7 days ago •
A summary of where we are, and where we're headed.
As I plan out my final video for the semi-final portion of the hackaday prize, I find it difficult to focus on one particular aspect of the build for very long, as there are many exciting aspects, and my mind simply races with the possibilities, the prospects of this project.
We made our rig smaller:
And with a sweet case design, we can make it better still.
We've also found many new ways to present the data....
Evan was running low after a busy night, I was drowsy and not paying attention to the iPad on our entertainment center, nor was I cognizant of the buzzing pebble on my wrist... but this got my attention:
Once the CGM data has been liberated, the sky is the limit. We can use off the shelf "internet of things" devices, or augment everyday items ourselves.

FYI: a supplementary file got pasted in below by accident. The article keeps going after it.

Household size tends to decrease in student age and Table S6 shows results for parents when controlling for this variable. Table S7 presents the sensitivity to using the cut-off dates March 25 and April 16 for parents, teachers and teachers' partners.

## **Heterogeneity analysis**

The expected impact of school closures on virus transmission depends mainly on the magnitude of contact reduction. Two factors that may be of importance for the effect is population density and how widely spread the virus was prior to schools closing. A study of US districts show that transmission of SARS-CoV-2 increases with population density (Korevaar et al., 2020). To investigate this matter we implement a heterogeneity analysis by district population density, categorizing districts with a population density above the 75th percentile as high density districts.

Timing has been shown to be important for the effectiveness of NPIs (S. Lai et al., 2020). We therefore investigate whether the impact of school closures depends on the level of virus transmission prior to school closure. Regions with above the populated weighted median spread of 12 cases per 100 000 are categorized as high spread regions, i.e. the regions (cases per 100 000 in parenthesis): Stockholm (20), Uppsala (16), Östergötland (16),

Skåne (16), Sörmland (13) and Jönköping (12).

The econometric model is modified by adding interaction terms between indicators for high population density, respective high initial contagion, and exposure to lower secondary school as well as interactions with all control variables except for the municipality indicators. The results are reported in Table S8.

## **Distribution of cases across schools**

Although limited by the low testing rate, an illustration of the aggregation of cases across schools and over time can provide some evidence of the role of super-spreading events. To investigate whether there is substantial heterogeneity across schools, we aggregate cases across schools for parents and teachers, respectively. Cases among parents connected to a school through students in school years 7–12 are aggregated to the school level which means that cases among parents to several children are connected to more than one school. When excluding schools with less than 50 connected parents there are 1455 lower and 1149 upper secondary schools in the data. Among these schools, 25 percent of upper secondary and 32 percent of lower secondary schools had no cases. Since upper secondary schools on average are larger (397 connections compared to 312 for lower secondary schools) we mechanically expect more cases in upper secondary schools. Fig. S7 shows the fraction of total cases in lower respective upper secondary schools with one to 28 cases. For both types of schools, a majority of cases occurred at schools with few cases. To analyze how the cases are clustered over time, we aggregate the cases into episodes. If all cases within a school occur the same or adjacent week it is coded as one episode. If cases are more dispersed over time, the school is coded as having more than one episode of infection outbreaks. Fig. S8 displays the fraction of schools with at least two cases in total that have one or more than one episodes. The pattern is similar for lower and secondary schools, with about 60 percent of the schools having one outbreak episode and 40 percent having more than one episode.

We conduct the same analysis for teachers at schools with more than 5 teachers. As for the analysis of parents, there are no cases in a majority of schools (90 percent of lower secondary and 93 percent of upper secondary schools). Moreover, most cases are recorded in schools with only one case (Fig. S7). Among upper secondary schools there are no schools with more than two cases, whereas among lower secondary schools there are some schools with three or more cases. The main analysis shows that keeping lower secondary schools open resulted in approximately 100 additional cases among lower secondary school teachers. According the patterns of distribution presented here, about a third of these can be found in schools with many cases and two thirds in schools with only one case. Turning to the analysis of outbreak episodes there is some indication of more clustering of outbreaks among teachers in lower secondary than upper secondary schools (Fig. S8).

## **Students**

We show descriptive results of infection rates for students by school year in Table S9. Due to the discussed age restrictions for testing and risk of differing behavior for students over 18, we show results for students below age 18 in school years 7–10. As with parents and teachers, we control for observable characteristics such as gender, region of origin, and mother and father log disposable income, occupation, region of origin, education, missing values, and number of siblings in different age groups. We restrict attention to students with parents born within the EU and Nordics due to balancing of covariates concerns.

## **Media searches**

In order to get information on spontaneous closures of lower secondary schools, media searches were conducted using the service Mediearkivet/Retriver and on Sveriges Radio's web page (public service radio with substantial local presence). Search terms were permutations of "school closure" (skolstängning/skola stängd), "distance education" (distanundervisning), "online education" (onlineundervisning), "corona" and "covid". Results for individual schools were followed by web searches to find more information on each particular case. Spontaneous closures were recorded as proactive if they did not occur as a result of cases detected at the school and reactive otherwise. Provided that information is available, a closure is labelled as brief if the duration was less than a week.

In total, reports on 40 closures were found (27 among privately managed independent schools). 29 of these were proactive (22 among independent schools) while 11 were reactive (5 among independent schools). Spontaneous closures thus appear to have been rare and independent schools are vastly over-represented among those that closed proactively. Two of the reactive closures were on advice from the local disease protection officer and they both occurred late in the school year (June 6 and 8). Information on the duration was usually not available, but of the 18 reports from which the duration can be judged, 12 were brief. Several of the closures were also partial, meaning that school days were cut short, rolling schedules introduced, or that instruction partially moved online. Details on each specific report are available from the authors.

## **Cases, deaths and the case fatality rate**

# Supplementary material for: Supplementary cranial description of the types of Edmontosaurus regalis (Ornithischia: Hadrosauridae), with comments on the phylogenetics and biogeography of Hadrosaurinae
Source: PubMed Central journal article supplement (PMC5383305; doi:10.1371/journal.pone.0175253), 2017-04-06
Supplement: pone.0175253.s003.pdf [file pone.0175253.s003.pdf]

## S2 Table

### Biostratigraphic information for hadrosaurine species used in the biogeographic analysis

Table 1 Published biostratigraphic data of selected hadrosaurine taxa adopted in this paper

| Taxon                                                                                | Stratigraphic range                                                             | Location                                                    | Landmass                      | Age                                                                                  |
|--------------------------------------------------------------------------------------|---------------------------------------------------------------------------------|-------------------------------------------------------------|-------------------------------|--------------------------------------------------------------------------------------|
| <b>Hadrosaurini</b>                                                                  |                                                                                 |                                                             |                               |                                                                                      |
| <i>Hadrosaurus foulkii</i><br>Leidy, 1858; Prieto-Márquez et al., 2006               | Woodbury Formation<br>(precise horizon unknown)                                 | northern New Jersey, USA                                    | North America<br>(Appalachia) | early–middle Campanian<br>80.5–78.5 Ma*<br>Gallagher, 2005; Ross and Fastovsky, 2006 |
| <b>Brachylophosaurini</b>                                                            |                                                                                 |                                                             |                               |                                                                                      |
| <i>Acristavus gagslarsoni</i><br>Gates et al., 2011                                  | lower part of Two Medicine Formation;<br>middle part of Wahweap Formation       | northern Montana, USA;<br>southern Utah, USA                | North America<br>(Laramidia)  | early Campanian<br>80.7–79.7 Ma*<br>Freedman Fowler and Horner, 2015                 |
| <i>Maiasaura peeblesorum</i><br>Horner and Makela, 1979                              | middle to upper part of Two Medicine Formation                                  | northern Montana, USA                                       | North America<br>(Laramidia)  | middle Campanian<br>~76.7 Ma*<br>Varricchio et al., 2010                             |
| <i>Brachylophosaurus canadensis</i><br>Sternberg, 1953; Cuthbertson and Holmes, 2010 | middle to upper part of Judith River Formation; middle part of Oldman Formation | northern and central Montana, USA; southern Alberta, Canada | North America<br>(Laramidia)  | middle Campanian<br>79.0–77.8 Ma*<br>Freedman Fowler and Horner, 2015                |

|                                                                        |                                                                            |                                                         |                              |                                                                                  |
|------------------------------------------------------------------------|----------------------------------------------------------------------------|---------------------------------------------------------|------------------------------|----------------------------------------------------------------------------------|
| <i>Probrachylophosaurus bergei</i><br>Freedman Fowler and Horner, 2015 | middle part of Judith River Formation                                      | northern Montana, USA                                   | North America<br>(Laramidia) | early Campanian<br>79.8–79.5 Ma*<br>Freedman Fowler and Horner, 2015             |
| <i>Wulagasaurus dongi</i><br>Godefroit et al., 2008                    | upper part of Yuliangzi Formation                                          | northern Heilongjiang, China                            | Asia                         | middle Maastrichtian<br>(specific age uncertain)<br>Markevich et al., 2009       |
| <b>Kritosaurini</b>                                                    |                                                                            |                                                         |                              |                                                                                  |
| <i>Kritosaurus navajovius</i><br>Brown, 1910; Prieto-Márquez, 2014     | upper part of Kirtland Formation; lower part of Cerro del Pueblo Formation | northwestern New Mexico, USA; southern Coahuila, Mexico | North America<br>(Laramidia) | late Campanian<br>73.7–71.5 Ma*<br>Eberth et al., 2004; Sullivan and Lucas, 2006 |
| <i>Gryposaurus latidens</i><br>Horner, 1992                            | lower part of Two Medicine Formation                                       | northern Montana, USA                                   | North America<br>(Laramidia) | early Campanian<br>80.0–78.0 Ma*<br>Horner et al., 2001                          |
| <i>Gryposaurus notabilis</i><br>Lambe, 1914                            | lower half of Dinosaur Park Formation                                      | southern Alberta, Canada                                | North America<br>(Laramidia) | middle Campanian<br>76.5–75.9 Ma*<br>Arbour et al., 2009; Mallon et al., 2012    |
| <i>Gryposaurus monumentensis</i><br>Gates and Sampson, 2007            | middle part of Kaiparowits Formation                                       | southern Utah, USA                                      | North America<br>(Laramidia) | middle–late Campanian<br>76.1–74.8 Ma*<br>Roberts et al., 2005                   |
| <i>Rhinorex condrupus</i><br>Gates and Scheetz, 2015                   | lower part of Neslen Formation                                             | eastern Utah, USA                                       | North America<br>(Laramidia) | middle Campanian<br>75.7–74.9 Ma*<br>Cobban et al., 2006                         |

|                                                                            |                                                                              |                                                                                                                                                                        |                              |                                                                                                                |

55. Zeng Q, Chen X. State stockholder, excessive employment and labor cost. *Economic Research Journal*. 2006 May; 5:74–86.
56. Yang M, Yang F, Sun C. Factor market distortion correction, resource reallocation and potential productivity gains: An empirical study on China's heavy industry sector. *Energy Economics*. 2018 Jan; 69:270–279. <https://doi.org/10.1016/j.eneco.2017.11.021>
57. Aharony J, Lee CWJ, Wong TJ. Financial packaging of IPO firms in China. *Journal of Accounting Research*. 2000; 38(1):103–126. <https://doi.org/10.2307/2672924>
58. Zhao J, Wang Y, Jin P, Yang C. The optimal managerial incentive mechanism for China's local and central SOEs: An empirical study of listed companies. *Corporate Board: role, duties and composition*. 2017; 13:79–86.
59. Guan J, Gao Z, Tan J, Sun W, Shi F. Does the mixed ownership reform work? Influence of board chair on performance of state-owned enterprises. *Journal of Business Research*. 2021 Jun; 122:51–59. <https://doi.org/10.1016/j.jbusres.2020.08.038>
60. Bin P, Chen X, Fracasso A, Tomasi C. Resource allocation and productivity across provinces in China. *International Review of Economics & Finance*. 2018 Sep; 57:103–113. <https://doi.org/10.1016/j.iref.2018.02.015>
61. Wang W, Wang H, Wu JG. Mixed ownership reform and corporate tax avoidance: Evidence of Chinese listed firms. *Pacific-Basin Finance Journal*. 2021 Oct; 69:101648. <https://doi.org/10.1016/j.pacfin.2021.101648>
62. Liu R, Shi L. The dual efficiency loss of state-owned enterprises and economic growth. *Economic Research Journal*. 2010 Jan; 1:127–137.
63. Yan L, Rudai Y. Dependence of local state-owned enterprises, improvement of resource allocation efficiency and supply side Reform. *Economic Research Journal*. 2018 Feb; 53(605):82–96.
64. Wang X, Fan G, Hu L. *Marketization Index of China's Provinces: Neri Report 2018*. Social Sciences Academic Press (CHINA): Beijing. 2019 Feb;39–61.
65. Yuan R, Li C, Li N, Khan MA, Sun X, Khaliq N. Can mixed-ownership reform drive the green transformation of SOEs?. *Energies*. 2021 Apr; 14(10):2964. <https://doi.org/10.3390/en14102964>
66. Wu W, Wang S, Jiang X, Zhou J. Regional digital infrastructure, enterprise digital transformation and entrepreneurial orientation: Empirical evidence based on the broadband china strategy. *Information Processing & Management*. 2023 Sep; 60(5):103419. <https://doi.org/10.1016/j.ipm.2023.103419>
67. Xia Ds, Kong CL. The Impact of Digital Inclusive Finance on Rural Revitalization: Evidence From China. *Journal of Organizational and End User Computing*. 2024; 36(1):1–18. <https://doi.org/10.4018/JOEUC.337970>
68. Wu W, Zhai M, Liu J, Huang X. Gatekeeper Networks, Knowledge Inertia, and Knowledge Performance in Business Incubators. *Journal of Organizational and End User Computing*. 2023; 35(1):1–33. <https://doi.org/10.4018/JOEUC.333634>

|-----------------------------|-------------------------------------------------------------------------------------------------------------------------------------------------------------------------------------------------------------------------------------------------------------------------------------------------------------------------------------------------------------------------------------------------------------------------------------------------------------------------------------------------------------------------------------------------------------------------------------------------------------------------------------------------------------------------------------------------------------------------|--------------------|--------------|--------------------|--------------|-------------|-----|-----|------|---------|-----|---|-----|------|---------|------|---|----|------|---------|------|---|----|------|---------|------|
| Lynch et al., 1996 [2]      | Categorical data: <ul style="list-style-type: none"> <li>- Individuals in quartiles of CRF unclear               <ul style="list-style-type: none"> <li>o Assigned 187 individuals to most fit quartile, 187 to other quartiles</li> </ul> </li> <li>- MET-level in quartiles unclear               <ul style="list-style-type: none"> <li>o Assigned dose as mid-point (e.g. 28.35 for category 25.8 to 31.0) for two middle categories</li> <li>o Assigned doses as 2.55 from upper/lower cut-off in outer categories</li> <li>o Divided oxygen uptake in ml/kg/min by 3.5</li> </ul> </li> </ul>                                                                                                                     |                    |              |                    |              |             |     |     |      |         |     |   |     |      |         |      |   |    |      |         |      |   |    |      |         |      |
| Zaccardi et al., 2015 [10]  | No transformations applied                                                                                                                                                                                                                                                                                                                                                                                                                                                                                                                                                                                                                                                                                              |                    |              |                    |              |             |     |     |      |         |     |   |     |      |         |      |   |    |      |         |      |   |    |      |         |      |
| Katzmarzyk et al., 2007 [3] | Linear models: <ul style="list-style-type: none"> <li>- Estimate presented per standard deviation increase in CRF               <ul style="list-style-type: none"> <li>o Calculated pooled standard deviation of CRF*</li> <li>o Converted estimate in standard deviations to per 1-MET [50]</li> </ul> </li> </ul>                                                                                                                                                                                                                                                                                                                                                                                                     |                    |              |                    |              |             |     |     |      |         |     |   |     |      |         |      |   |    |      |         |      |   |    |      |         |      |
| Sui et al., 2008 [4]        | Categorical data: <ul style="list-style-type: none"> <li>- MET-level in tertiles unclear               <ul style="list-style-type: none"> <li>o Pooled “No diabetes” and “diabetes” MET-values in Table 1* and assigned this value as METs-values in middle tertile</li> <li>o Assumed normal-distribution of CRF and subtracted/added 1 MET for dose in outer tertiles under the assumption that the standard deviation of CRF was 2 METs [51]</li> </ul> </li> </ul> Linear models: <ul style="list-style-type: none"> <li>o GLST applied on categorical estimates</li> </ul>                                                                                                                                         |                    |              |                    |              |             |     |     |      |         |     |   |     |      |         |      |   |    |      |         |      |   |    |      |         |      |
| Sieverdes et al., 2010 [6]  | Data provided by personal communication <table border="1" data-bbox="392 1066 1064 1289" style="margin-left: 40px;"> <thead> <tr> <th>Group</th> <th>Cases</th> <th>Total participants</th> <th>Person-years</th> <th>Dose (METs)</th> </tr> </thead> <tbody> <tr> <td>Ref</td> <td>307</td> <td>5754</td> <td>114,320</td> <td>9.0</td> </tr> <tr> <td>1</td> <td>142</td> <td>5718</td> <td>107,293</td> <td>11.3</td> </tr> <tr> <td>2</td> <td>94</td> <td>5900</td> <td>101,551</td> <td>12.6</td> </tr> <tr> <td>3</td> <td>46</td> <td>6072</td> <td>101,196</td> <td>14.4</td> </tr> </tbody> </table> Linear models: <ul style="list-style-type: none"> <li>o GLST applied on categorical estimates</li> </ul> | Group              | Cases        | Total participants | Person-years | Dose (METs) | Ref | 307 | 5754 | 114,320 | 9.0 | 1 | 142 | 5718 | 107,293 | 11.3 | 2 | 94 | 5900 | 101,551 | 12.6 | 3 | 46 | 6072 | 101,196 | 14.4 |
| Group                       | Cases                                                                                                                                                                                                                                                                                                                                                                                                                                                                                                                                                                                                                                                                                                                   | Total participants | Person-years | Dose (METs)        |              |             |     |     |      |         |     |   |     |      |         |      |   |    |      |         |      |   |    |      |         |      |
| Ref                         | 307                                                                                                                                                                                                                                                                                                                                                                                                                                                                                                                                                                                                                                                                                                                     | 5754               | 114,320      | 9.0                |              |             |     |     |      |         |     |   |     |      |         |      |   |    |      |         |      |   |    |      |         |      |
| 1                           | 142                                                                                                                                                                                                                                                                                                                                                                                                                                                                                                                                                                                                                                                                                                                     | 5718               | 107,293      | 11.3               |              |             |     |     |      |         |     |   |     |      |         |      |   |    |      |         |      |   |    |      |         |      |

We can tap into common device features, such as the new iOS "widgets," to offer yet another quick view of realtime data (we can do the same for Android!):
The online community that has taken these tools as their own and evolved them, is now nearing 7,000 people. A formidable group, with potential resources to rival some of the big players in this field. So... we begin chatting with the FDA and finding more ways to trial and research our wild ideas, while continuing to drive the conversation about where Open Source and regulated devices or systems converge.